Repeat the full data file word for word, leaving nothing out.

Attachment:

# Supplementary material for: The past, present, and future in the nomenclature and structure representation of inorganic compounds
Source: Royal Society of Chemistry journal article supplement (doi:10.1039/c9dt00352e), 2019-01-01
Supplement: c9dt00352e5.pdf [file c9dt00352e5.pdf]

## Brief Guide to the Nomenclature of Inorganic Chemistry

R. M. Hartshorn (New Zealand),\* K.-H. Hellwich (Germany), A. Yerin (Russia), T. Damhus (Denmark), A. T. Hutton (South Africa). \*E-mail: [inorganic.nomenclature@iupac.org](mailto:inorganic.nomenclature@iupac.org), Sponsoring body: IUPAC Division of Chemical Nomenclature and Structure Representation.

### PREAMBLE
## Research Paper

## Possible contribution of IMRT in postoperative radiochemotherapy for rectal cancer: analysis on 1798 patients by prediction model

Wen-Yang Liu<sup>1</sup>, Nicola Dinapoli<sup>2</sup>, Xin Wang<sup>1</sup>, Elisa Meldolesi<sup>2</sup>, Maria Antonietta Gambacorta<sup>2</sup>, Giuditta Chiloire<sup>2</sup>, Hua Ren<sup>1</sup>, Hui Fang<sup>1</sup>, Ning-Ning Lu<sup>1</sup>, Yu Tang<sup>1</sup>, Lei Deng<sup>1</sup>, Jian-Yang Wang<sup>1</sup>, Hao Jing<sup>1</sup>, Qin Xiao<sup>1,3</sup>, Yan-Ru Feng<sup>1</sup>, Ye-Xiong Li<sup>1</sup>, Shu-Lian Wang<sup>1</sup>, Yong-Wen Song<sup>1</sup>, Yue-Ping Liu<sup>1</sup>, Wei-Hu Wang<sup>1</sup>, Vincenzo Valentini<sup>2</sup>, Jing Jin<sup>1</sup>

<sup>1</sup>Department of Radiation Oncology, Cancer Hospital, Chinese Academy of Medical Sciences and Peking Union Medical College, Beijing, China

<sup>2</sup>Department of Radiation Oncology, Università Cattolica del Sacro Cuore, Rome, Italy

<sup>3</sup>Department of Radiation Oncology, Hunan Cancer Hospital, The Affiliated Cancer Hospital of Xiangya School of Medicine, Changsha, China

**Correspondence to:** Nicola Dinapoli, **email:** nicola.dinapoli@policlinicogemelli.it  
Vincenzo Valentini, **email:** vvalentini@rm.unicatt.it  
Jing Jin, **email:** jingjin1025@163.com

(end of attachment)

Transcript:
# Supplementary material for: The past, present, and future in the nomenclature and structure representation of inorganic compounds
Source: Royal Society of Chemistry journal article supplement (doi:10.1039/c9dt00352e), 2019-01-01
Supplement: c9dt00352e5.pdf [file c9dt00352e5.pdf]

## Brief Guide to the Nomenclature of Inorganic Chemistry

R. M. Hartshorn (New Zealand),\* K.-H. Hellwich (Germany), A. Yerin (Russia), T. Damhus (Denmark), A. T. Hutton (South Africa). \*E-mail: [inorganic.nomenclature@iupac.org](mailto:inorganic.nomenclature@iupac.org), Sponsoring body: IUPAC Division of Chemical Nomenclature and Structure Representation.

### PREAMBLE
## Research Paper

## Possible contribution of IMRT in postoperative radiochemotherapy for rectal cancer: analysis on 1798 patients by prediction model

Wen-Yang Liu<sup>1</sup>, Nicola Dinapoli<sup>2</sup>, Xin Wang<sup>1</sup>, Elisa Meldolesi<sup>2</sup>, Maria Antonietta Gambacorta<sup>2</sup>, Giuditta Chiloire<sup>2</sup>, Hua Ren<sup>1</sup>, Hui Fang<sup>1</sup>, Ning-Ning Lu<sup>1</sup>, Yu Tang<sup>1</sup>, Lei Deng<sup>1</sup>, Jian-Yang Wang<sup>1</sup>, Hao Jing<sup>1</sup>, Qin Xiao<sup>1,3</sup>, Yan-Ru Feng<sup>1</sup>, Ye-Xiong Li<sup>1</sup>, Shu-Lian Wang<sup>1</sup>, Yong-Wen Song<sup>1</sup>, Yue-Ping Liu<sup>1</sup>, Wei-Hu Wang<sup>1</sup>, Vincenzo Valentini<sup>2</sup>, Jing Jin<sup>1</sup>

<sup>1</sup>Department of Radiation Oncology, Cancer Hospital, Chinese Academy of Medical Sciences and Peking Union Medical College, Beijing, China

<sup>2</sup>Department of Radiation Oncology, Università Cattolica del Sacro Cuore, Rome, Italy

<sup>3</sup>Department of Radiation Oncology, Hunan Cancer Hospital, The Affiliated Cancer Hospital of Xiangya School of Medicine, Changsha, China

**Correspondence to:** Nicola Dinapoli, **email:** nicola.dinapoli@policlinicogemelli.it  
Vincenzo Valentini, **email:** vvalentini@rm.unicatt.it  
Jing Jin, **email:** jingjin1025@163.com